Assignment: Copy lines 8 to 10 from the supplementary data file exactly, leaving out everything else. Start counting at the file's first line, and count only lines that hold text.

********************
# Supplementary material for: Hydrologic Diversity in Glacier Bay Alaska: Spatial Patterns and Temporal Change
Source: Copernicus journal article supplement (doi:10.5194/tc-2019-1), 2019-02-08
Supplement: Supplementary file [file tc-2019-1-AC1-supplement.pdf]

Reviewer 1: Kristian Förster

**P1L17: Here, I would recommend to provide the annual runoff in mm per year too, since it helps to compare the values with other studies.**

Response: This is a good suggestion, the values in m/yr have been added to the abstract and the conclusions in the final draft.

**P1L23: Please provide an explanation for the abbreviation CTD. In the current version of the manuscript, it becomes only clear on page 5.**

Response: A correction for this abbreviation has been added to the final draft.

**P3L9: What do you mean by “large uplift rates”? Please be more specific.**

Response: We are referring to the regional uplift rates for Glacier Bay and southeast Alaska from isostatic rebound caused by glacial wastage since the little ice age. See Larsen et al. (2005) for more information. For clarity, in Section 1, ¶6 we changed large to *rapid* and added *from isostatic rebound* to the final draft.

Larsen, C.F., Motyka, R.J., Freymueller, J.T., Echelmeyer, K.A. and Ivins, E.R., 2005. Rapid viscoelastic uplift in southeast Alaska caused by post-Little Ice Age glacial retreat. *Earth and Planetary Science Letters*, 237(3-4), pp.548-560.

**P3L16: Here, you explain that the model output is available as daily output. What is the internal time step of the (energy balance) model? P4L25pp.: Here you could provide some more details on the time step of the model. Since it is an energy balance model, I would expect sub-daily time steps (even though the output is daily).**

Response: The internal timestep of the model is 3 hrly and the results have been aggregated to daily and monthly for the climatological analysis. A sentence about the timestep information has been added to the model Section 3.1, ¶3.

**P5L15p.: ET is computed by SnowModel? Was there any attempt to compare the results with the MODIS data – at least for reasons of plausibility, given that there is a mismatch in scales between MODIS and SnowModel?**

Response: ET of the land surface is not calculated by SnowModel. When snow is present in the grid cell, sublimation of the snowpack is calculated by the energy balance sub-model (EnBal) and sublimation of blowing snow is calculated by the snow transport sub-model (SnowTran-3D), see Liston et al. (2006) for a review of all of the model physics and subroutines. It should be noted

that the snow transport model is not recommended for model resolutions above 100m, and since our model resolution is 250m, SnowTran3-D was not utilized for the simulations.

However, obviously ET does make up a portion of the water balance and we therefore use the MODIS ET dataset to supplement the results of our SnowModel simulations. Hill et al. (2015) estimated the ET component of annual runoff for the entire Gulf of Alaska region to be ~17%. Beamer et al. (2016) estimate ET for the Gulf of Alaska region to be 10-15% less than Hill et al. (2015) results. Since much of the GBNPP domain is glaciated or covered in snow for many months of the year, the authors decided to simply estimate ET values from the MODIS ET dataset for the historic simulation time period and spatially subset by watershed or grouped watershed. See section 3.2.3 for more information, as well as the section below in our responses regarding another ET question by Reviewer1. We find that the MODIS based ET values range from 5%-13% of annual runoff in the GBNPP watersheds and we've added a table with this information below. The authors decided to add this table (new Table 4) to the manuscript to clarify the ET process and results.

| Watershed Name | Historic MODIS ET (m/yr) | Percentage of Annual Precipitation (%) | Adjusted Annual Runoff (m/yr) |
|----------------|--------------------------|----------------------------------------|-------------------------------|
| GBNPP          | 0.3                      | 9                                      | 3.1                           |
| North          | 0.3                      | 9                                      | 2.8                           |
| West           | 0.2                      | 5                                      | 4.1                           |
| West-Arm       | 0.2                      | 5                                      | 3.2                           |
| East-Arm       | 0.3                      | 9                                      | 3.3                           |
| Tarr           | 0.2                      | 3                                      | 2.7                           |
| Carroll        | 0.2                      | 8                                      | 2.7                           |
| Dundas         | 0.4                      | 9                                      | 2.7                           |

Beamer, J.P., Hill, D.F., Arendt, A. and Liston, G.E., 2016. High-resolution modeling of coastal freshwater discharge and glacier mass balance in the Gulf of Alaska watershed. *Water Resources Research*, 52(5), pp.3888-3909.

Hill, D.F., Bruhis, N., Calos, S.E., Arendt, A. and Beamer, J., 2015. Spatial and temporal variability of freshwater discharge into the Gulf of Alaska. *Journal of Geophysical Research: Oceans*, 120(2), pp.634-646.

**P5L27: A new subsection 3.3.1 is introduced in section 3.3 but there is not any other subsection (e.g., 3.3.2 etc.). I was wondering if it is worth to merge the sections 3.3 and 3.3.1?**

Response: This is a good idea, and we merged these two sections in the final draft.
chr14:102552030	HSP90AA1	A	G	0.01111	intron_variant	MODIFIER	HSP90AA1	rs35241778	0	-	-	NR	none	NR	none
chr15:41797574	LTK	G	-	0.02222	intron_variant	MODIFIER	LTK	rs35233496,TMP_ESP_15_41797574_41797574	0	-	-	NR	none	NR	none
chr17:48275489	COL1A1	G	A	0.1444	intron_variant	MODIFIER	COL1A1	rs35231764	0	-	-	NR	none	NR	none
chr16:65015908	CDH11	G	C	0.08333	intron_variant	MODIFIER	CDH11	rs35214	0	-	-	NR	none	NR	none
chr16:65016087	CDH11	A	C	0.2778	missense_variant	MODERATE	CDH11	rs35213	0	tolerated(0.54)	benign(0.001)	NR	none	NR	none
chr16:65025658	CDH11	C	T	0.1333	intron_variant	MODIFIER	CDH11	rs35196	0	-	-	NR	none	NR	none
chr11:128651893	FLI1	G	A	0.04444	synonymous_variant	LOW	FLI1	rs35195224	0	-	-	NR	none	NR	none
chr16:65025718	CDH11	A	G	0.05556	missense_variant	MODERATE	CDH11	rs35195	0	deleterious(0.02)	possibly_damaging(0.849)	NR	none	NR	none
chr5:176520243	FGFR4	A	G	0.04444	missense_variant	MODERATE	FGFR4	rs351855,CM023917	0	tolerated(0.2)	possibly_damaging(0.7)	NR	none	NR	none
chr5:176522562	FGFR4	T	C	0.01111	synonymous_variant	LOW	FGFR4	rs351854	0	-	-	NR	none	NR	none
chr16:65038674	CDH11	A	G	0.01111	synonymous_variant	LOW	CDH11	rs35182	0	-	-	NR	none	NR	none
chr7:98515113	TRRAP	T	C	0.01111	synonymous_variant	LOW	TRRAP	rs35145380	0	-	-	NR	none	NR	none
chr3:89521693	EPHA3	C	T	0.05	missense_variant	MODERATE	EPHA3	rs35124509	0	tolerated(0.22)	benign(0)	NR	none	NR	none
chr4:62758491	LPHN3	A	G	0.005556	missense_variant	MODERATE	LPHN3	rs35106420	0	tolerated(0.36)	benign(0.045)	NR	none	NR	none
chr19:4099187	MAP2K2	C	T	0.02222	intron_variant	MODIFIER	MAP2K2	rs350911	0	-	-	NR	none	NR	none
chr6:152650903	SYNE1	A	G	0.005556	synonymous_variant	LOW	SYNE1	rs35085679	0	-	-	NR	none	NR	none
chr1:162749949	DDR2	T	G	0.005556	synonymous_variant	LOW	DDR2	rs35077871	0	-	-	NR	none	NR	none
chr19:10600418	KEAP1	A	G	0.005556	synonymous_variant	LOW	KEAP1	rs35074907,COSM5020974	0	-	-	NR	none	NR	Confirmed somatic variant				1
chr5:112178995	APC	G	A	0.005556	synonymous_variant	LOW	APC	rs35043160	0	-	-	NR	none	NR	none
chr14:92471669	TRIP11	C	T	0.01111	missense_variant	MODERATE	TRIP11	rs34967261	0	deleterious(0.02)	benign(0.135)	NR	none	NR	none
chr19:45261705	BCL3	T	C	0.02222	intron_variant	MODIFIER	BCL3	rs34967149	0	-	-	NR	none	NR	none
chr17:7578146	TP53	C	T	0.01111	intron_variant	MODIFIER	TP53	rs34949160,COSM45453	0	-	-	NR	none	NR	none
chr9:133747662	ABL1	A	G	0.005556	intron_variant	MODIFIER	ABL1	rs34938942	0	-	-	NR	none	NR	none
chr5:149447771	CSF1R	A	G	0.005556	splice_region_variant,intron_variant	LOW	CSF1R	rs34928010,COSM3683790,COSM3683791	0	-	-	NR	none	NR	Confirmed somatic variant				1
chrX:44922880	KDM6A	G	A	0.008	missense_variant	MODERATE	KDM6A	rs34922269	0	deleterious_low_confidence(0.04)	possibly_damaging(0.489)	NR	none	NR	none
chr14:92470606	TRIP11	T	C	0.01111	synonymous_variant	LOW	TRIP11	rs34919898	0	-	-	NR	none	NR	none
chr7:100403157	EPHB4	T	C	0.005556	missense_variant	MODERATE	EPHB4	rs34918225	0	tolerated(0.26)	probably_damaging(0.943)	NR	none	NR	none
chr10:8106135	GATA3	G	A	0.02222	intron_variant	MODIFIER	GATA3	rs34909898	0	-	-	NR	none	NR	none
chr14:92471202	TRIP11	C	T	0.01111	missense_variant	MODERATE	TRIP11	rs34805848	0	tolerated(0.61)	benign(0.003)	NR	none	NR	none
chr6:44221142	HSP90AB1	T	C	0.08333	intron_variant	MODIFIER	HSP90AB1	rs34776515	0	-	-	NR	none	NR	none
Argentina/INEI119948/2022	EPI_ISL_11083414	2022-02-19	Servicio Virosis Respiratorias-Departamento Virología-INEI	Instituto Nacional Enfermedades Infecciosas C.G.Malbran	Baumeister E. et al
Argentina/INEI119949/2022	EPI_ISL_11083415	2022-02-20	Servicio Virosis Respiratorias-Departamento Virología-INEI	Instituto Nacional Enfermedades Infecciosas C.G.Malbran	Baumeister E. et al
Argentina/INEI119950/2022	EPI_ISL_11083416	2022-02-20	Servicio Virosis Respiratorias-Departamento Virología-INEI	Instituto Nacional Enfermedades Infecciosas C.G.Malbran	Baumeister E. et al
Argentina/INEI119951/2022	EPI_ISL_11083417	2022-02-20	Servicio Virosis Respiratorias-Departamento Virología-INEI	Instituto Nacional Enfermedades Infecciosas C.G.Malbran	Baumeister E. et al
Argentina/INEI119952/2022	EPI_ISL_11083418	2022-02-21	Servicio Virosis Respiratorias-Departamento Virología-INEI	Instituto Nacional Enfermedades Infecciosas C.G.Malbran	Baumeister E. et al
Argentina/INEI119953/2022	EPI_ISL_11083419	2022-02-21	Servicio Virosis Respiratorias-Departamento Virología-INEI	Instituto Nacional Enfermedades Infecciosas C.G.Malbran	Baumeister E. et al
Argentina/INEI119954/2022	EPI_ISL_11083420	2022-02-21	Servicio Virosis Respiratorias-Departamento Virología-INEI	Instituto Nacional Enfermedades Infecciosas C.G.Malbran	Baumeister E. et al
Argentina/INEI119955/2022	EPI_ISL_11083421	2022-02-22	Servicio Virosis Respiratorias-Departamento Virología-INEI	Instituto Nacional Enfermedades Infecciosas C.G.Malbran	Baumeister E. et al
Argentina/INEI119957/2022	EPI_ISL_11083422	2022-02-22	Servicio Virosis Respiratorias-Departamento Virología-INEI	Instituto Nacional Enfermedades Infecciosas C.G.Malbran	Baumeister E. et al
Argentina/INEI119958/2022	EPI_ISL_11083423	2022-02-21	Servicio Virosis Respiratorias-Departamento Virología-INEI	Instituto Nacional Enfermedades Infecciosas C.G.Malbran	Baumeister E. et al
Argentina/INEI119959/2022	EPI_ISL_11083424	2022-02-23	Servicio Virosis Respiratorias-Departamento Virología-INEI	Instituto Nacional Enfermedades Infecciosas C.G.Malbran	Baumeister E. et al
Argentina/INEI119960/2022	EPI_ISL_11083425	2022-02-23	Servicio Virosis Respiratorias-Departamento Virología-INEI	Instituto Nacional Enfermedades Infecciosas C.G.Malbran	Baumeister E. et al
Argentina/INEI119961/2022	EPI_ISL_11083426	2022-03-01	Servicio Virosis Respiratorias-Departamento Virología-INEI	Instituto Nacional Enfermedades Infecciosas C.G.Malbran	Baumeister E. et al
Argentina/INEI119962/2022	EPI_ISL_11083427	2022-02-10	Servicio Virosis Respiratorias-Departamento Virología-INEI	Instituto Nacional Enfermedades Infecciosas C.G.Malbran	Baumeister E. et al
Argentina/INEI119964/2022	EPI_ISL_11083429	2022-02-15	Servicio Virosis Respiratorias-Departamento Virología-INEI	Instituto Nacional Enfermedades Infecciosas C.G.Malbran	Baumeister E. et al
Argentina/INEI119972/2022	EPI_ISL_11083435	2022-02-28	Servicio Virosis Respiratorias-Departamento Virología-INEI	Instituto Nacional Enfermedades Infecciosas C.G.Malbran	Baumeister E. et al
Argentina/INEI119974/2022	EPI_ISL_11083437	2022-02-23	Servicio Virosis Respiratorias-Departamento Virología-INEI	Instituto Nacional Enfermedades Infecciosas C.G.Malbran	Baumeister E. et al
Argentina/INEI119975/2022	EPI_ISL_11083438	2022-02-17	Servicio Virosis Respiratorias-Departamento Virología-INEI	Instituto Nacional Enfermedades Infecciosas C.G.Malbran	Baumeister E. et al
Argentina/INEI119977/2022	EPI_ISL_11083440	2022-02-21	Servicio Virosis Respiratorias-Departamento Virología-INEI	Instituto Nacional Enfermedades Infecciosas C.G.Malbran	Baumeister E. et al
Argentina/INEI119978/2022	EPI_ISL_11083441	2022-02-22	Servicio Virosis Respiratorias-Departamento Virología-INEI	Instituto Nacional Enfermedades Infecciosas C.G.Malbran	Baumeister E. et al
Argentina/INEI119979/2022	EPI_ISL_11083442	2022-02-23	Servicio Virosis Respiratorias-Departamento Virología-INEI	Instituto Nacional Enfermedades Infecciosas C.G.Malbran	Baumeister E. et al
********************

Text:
Response: A correction for this abbreviation has been added to the final draft.

**P3L9: What do you mean by “large uplift rates”? Please be more specific.**

Response: We are referring to the regional uplift rates for Glacier Bay and southeast Alaska from isostatic rebound caused by glacial wastage since the little ice age. See Larsen et al. (2005) for more information. For clarity, in Section 1, ¶6 we changed large to *rapid* and added *from isostatic rebound* to the final draft.